The Miller and the Vodenjak

1 Oct

Lazar Ilic feared for the future of his grain mill.

Its business was the grinding of flour for nearby villages about Dushanovo on the Southern Morava River. His grandfather had built the facility of stone in the early 19th century, when that region of Serbia was under Turkish rule. The enterprise had thrived under his father. But now, in the first decade of the 20th century, that prosperity had disappeared for Lazar.

The cultivators of Dushanovo and the neighboring villages came to his mill less and less. Growing fear enveloped the inhabitants of the entire region along the river. His friend, Stanko Petric, described the situation to Lazar in his small inn near the mill.

“Our villagers are a superstitious lot. They are terrified by what has happened this summer. Three children, of various ages, have drowned in the river. How it happened no one can say. But all they talk about is the danger that lurks under the water for the young and everybody else. The people, both young and old, both men and women, seem under a spell. Fewer men come to my inn any more, but I hear their worried conversations about their dread of being drowned by some kind of vodenjak hiding in the water.”

“They see the drownings as indicating the presence of a water demon?” Lazar asked him, his large hazel eyes widening.

“Their belief is that the vodenjak has always been the enemy of all mills that rely upon the streams and the Morava. They have heard from their parents and grandparents that the monster being has in the past destroyed several grain mills like the one that you own. That is their fear, that your place is a dangerous place doomed to be ruined by the vodenjak who is murdering the young. No one can argue with them or convince them they are mistaken.”

“How is the evil demon supposed to destroy my water mill?” inquired Lazar.

Stanko lowered his voice. “Most of them say by flooding it, but a few hold that he will burn down its wooden frame somehow. Everyone thinks that the power of a vodenjak is too great for any human being to oppose. They fear to make the infernal creature angry by bringing their wheat or corn to you for grinding, Lazar.”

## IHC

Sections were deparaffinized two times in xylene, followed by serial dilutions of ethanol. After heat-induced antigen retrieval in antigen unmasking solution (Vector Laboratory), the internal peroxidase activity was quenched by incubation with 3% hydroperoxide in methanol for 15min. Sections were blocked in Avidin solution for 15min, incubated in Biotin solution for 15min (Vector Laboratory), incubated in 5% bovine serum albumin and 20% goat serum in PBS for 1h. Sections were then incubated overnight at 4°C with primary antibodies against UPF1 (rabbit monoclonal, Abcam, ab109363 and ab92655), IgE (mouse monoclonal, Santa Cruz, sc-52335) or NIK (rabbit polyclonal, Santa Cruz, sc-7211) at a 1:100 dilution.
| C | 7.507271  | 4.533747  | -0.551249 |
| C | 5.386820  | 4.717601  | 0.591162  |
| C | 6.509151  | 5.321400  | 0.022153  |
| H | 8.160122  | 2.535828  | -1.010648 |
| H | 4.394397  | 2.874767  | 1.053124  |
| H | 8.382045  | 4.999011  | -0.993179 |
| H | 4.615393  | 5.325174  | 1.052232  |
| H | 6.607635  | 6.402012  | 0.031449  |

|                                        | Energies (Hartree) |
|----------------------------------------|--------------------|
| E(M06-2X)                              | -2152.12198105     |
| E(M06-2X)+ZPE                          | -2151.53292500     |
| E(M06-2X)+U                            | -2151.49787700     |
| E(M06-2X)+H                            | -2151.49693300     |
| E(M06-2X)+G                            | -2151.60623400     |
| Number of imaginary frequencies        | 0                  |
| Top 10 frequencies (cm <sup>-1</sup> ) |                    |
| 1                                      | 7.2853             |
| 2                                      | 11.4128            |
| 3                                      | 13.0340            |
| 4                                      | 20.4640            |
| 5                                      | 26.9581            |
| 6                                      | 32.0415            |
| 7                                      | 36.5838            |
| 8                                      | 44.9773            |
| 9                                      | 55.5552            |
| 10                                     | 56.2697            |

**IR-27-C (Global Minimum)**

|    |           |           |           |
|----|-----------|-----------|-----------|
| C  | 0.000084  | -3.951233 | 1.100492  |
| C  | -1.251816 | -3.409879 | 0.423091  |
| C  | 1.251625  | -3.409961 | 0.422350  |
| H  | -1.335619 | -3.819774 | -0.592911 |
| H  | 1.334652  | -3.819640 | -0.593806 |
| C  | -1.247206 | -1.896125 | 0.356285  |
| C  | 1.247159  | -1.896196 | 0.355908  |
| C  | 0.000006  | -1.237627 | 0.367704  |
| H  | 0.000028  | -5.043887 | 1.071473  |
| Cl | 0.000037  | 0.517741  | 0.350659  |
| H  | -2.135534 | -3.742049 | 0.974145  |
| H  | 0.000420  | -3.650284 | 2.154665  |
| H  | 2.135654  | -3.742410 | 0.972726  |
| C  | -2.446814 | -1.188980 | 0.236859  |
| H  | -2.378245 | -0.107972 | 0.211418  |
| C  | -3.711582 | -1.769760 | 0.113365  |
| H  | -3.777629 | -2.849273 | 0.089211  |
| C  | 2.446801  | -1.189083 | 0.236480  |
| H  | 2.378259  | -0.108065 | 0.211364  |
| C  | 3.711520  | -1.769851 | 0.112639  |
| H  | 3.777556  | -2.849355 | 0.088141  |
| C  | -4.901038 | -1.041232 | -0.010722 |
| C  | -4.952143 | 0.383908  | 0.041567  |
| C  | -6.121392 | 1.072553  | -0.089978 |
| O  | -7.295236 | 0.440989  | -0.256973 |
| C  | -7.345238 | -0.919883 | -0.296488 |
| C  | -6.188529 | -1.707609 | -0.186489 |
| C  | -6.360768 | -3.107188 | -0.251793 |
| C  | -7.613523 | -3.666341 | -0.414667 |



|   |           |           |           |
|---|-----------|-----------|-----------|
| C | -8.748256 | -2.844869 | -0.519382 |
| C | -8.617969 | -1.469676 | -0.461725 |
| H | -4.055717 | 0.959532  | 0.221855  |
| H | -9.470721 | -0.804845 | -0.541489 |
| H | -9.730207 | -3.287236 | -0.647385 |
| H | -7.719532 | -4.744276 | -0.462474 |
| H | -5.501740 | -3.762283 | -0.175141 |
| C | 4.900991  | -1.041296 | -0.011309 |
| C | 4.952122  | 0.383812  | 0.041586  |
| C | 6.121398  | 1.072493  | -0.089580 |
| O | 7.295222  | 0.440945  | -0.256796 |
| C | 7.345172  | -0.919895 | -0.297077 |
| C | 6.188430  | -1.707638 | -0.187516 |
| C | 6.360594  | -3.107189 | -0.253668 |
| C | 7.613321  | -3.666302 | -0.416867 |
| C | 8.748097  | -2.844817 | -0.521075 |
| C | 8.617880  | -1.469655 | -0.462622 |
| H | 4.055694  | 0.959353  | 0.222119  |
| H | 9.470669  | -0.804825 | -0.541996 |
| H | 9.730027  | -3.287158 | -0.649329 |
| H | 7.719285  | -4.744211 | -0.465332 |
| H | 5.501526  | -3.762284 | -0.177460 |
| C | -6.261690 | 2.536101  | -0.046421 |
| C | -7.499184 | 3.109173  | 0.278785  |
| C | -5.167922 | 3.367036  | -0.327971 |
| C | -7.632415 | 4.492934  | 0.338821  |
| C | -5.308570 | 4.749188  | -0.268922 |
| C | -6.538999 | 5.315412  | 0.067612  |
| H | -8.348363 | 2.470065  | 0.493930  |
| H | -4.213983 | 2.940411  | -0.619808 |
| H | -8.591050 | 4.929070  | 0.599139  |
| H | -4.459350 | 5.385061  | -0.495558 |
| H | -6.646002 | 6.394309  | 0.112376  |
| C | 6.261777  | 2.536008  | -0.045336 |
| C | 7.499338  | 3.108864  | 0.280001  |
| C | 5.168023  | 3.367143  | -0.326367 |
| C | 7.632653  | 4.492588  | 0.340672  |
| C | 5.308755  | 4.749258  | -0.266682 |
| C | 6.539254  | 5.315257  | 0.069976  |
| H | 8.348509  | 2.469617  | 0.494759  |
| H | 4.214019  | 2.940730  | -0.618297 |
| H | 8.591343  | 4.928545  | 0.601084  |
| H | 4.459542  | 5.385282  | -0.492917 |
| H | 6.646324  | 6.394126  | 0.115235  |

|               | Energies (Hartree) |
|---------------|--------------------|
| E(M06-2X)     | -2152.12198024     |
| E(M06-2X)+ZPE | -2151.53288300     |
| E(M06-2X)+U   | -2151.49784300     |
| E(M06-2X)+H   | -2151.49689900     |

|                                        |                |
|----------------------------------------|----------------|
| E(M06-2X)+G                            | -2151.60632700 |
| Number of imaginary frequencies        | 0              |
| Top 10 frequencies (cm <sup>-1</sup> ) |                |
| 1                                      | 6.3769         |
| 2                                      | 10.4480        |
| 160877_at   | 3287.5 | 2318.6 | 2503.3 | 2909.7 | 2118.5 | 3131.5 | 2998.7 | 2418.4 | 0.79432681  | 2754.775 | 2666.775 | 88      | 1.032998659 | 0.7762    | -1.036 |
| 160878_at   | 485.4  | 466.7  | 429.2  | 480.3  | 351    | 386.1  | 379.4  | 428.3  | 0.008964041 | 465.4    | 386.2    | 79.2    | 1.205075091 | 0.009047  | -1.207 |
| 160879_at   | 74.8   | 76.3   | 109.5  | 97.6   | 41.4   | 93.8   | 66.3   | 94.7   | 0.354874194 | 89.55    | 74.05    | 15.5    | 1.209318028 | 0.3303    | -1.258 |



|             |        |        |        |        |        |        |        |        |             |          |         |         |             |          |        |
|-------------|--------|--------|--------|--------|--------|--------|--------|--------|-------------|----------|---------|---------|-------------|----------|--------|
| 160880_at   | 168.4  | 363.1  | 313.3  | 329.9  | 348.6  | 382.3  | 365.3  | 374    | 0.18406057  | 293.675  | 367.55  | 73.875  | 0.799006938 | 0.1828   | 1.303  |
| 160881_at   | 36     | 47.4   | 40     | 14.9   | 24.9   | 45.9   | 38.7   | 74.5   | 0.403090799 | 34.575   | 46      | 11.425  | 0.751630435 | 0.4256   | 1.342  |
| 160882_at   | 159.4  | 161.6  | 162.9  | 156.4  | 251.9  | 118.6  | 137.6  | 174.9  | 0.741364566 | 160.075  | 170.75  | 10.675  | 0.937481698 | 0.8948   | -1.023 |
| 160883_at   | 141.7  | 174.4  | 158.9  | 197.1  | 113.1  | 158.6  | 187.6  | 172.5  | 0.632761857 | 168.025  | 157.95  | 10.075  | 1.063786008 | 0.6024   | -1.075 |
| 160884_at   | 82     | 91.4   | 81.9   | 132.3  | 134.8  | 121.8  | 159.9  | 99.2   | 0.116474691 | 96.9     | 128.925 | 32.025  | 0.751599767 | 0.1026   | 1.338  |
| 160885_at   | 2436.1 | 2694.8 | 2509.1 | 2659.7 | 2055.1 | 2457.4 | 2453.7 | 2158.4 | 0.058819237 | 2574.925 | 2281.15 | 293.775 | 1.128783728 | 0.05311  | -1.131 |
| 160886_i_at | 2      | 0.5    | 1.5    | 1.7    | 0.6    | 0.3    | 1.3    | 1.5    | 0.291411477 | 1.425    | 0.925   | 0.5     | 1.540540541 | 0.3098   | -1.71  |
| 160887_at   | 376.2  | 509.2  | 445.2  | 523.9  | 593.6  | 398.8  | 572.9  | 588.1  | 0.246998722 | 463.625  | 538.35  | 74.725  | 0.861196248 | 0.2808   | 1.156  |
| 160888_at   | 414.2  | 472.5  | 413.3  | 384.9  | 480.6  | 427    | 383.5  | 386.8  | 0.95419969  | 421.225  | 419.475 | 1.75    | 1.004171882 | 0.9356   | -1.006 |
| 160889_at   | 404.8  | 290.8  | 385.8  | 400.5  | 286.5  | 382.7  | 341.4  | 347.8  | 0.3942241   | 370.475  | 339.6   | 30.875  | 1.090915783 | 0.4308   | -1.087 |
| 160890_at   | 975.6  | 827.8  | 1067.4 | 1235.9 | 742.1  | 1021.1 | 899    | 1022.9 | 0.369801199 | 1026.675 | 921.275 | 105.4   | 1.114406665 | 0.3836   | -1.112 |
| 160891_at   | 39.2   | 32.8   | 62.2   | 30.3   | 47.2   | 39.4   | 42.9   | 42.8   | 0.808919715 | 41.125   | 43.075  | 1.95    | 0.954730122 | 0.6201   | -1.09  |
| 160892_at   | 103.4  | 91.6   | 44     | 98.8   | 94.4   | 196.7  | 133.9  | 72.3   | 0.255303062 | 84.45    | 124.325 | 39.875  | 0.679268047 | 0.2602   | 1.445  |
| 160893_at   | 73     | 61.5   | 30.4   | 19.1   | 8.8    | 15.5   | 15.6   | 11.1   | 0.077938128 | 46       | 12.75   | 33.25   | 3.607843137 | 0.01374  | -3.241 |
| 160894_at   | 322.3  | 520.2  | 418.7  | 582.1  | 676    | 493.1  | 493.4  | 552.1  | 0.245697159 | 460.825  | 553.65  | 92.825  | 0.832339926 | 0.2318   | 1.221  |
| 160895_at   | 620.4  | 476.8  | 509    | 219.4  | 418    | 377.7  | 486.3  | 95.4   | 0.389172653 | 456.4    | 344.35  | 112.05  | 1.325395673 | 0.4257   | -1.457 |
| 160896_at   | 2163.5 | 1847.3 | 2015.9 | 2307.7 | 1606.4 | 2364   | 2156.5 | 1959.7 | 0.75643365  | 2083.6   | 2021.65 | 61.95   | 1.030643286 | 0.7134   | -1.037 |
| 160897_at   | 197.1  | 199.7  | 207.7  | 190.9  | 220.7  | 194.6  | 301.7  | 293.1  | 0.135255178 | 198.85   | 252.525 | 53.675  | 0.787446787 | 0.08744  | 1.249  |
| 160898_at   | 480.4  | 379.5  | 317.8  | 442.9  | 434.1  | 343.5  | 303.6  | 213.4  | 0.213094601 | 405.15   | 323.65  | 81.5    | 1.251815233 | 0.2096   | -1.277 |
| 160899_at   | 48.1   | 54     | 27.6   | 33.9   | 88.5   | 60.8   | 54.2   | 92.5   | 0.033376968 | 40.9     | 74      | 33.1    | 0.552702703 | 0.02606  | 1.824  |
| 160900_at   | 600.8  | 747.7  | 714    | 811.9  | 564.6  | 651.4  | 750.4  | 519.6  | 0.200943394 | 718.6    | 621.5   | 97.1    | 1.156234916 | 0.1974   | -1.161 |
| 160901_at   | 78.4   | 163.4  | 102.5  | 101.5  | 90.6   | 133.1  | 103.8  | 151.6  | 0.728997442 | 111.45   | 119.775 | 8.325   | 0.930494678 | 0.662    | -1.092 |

The latter looked to one side and made a grimace of disgust. “No superstition is going to stop me from continuing my work at the mill,” he said, gritting his teeth with stubborn determination.

Lazar was on the verge of going to be in the section of the mill where he made his home, when he heard a loud knocking at the outer door facing the river.

When he reached and opened it, he was surprised to find there a tall, skeleton-like man drenched with water from head to foot. His face appeared unusually troubled and ugly. The stranger not from Dushanovo began to speak in a low, desperate tone. His dialect sounded like a distant one.

“My friend, I am in terrible condition because I nearly lost my life and drowned in the Southern Morava that drives the mill that I see from outside. The water flowed into my inner organs, and my lungs are still flooded with water. Will you let me rest inside and recover my strength and equilibrium? I will forever be in your debt if you do so.” He suddenly stopped and started to cough a number of times, at last calming down and restoring some degree of balance and self-control.

“Pardon me, please,” he continued. “I am unable to talk much longer, I fear. My condition is painful and debilitating. What am I to do? I chose to knock at your door and beg for shelter and protection from the river at night. My hope is that you will show me mercy and allow me to recover control of my body here in this mill. I promise not to cause any harm or loss, and to leave as soon as that becomes at all practical.”

“How did you happen to fall into the waters of our river?” inquired Lazar.